• PopSockets LLC v. Quest USA Corp., 2018 WL 5020172 (E.D.N.Y. Sep. 12, 2018) (“As defendants note, the Supreme Court has held that once the PTAB institutes review for any claim, it “must address every claim the petitioner has challenged” and thus decide the patentability of all of the claims the petitioner has challenged. SAS Institute Inc. v. Iancu,138 S.Ct. 1348, 1354 (2018). In doing so, the PTAB will provide a more robust record that considers the scope and meaning of the claims, clarifies claim construction issues, and is preclusive on issues of patent validity.”).

But a recent decision in the Eastern District of Texas denying a stay reached a conclusion contrary to the conventional wisdom.  Peloton Interactive, Inc. v. Flywheel Sports, Inc., 2019 WL 3826051 (E.D. Tex. Aug. 14, 2019).  In Peloton, the court held that the Supreme Court’s SAS decision

precluded the PTAB from instituting IPRs for only a portion of the patent claims, so any institution decision occurring after SAS provides a weaker inference that the PTAB will determine that all challenged claims are unpatentable. Thus, institution decisions for the [asserted patents] are less helpful in indicating that IPRs will result in a simplification of issues than they would have been before SAS.

The court “conclude[d] that the Supreme Court’s decision in SAS alters the Motion to Stay analysis and makes institution decisions less indicative that all claims will be found unpatentable.”  The court further explained its reasoning:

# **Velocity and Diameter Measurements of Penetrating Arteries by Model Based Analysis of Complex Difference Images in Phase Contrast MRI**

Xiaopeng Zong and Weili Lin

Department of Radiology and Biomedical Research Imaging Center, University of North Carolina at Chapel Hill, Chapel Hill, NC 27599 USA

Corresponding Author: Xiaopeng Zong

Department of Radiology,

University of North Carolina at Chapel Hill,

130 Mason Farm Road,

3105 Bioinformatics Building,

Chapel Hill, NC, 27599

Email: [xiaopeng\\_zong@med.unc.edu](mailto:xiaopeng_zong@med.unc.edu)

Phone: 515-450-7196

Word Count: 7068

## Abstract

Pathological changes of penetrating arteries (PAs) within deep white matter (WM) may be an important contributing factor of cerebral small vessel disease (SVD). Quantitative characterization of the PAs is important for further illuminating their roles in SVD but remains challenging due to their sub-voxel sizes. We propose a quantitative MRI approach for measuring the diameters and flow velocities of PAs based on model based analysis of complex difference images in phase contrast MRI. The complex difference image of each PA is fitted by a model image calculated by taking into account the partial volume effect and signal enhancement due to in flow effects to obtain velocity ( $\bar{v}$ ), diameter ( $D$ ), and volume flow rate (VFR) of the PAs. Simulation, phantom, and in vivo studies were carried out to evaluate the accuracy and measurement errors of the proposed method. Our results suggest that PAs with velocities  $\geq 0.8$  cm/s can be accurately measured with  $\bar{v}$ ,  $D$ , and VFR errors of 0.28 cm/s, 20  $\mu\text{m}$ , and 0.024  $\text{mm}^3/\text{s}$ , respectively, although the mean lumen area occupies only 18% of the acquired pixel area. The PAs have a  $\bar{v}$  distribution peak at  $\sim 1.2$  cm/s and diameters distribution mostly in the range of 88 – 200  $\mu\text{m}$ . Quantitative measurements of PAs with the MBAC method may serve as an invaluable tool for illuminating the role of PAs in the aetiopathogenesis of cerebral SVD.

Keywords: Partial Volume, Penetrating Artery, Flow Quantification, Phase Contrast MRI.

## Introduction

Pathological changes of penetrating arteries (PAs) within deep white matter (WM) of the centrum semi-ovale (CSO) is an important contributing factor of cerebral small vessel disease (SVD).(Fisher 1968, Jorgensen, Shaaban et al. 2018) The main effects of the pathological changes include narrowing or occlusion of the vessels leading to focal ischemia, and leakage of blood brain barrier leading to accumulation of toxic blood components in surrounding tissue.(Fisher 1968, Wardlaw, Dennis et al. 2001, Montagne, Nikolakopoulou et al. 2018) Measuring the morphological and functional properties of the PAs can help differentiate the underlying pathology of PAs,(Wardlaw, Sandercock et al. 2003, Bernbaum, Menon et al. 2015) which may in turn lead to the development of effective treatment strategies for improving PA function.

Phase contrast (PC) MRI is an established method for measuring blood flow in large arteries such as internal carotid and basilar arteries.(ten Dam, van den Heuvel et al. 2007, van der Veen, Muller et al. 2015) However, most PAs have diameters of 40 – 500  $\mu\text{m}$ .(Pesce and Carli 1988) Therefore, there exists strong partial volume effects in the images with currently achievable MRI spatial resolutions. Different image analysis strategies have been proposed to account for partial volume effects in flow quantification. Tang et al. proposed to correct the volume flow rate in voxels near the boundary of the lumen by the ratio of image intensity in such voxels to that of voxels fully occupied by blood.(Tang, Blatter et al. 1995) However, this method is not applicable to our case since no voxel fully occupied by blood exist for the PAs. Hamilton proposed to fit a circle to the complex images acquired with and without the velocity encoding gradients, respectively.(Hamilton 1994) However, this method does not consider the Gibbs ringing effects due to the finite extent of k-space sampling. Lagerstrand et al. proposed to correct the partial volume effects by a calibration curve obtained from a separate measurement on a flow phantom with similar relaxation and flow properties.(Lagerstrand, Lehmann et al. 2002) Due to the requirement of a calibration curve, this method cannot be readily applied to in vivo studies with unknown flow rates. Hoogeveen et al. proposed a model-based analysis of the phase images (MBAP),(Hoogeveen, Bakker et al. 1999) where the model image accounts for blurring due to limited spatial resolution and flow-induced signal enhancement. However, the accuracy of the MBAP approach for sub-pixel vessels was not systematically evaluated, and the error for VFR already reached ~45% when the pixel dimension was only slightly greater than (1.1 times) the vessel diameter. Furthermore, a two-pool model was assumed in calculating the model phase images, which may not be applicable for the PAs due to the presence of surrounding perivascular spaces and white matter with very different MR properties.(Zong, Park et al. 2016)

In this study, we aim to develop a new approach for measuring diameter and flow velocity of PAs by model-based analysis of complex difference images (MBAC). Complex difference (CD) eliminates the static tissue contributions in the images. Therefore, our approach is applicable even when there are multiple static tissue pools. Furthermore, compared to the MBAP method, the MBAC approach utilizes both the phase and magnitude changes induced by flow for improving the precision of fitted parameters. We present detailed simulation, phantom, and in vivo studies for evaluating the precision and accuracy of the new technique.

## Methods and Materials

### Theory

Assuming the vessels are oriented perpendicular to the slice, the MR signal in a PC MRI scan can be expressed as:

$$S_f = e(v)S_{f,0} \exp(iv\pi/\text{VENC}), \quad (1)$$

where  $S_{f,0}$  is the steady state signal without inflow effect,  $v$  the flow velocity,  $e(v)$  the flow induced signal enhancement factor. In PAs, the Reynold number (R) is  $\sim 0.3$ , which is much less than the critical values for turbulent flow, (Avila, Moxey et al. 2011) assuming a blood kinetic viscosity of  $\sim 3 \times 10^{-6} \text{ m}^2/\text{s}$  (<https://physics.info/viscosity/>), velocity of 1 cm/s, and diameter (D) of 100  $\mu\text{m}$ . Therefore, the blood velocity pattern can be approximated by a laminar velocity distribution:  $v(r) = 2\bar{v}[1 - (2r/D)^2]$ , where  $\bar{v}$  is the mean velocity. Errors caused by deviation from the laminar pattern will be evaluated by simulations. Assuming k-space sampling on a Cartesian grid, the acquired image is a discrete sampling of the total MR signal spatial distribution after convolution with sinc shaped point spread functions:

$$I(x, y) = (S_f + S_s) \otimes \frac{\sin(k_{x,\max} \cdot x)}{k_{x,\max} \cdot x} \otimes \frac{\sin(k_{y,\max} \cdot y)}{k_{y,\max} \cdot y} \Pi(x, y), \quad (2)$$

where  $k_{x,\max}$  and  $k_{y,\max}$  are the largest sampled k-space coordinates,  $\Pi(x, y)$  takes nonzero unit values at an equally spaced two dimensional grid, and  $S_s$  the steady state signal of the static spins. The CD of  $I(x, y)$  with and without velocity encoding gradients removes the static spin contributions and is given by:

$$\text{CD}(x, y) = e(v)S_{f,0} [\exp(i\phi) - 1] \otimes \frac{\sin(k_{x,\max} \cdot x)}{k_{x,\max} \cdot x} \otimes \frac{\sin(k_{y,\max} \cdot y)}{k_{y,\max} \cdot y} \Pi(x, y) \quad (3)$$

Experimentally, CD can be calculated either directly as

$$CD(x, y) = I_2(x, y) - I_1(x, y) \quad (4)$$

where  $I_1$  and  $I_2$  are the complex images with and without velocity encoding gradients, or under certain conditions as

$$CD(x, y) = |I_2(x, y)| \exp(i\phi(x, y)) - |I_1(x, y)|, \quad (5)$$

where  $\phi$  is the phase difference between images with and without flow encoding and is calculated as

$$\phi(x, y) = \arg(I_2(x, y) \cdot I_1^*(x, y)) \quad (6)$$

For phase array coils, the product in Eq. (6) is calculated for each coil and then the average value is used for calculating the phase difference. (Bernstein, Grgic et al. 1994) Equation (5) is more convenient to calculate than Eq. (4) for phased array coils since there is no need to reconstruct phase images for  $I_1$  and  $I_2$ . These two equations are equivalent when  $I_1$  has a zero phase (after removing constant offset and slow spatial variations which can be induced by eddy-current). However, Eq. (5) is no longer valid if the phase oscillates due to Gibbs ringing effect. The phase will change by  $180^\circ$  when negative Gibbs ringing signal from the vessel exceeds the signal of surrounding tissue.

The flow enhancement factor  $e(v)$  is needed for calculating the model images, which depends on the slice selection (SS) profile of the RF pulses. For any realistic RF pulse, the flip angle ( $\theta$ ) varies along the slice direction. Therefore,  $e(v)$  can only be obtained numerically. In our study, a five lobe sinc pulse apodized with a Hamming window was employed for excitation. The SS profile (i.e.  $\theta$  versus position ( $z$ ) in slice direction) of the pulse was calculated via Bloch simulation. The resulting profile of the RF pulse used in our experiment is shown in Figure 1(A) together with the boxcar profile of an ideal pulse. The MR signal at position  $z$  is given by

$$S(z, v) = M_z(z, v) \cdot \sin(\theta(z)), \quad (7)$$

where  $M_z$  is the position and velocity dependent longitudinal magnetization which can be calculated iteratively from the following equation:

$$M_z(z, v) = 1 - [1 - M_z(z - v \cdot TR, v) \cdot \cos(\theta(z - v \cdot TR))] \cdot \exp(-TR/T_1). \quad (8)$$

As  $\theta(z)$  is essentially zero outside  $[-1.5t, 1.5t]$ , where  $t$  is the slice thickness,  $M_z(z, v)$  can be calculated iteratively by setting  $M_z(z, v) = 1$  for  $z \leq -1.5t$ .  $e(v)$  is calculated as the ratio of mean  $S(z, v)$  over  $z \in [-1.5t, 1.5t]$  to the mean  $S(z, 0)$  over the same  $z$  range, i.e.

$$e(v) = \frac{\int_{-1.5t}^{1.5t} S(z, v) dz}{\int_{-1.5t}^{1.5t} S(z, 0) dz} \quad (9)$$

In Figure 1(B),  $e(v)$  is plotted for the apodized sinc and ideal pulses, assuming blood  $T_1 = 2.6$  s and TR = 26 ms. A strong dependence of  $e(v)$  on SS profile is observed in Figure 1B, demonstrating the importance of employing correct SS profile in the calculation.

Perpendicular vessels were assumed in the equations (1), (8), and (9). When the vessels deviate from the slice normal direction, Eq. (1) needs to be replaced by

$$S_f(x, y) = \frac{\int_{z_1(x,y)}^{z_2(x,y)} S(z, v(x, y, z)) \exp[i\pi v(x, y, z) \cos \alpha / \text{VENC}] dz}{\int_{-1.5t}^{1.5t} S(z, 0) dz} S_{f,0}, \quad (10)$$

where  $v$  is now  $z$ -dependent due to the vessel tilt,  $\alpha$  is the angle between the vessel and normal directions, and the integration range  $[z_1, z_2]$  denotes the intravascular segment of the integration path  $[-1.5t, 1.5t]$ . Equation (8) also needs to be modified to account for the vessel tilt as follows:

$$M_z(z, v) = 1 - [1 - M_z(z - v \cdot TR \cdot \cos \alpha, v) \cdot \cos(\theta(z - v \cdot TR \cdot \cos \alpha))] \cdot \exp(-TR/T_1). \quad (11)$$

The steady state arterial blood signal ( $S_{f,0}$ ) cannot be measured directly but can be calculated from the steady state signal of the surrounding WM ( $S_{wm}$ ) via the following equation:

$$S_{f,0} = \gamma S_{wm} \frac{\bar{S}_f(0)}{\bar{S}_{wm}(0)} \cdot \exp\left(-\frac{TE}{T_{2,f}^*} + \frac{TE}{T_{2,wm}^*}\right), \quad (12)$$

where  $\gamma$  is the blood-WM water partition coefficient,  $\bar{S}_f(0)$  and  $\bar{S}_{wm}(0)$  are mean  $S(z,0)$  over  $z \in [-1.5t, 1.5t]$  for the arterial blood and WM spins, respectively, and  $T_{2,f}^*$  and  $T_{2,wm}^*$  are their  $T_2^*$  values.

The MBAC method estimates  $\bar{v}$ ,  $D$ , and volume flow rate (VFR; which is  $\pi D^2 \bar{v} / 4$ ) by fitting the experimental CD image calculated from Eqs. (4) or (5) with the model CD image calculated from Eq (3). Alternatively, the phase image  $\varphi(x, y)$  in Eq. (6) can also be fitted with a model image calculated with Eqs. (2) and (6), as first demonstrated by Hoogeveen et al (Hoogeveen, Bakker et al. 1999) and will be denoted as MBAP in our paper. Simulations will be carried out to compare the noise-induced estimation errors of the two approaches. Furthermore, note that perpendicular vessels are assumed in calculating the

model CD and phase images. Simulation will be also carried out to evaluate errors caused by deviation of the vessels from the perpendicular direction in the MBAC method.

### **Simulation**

Since the PTAB can no longer partially institute IPR proceedings, institution decisions are not as useful as they were in the past for providing an indication of whether all claims would be found unpatentable. Because the PTAB could partially institute review before SAS, their institution decisions provided a much stronger indication that all claims for which review was instituted would be found unpatentable. This is because the PTAB could decline institution for certain challenged claims if the PTAB concluded that the petitioner had not shown a reasonable likelihood of prevailing for those claims.

When the PTAB decides to institute review after SAS, it must institute review for all challenged claims even if the PTAB concludes at the petition stage that the petitioner did not show a reasonable likelihood that it would prevail for some challenged claims. [Defendant] argues that the PTAB may still decline institution of IPR proceedings even if it concludes that the petition has shown a reasonable likelihood that the petitioner would prevail with respect to at least 1 of the claims challenged in the petition. However, the Court still concludes that an institution decision is less effective as a barometer for the issue of whether the PTAB will eventually determine that the challenged claims are unpatentable after SAS.

The Peloton reasoning that IPR institutions after SAS are less helpful in showing that the litigation will be simplified may provide fodder for patent owners opposing a stay motion, although whether this reasoning gains any traction outside East Texas remains to be seen.

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John Marlott brings 25 years of intellectual property law experience to his role as lead counsel in IP disputes for Jones Day clients. He focuses on high-stakes district court patent litigation, post-grant patent proceedings before the USPTO Patent Trial & Appeal Board (PTAB), and appeals to the U.S. Court of Appeals for the Federal Circuit.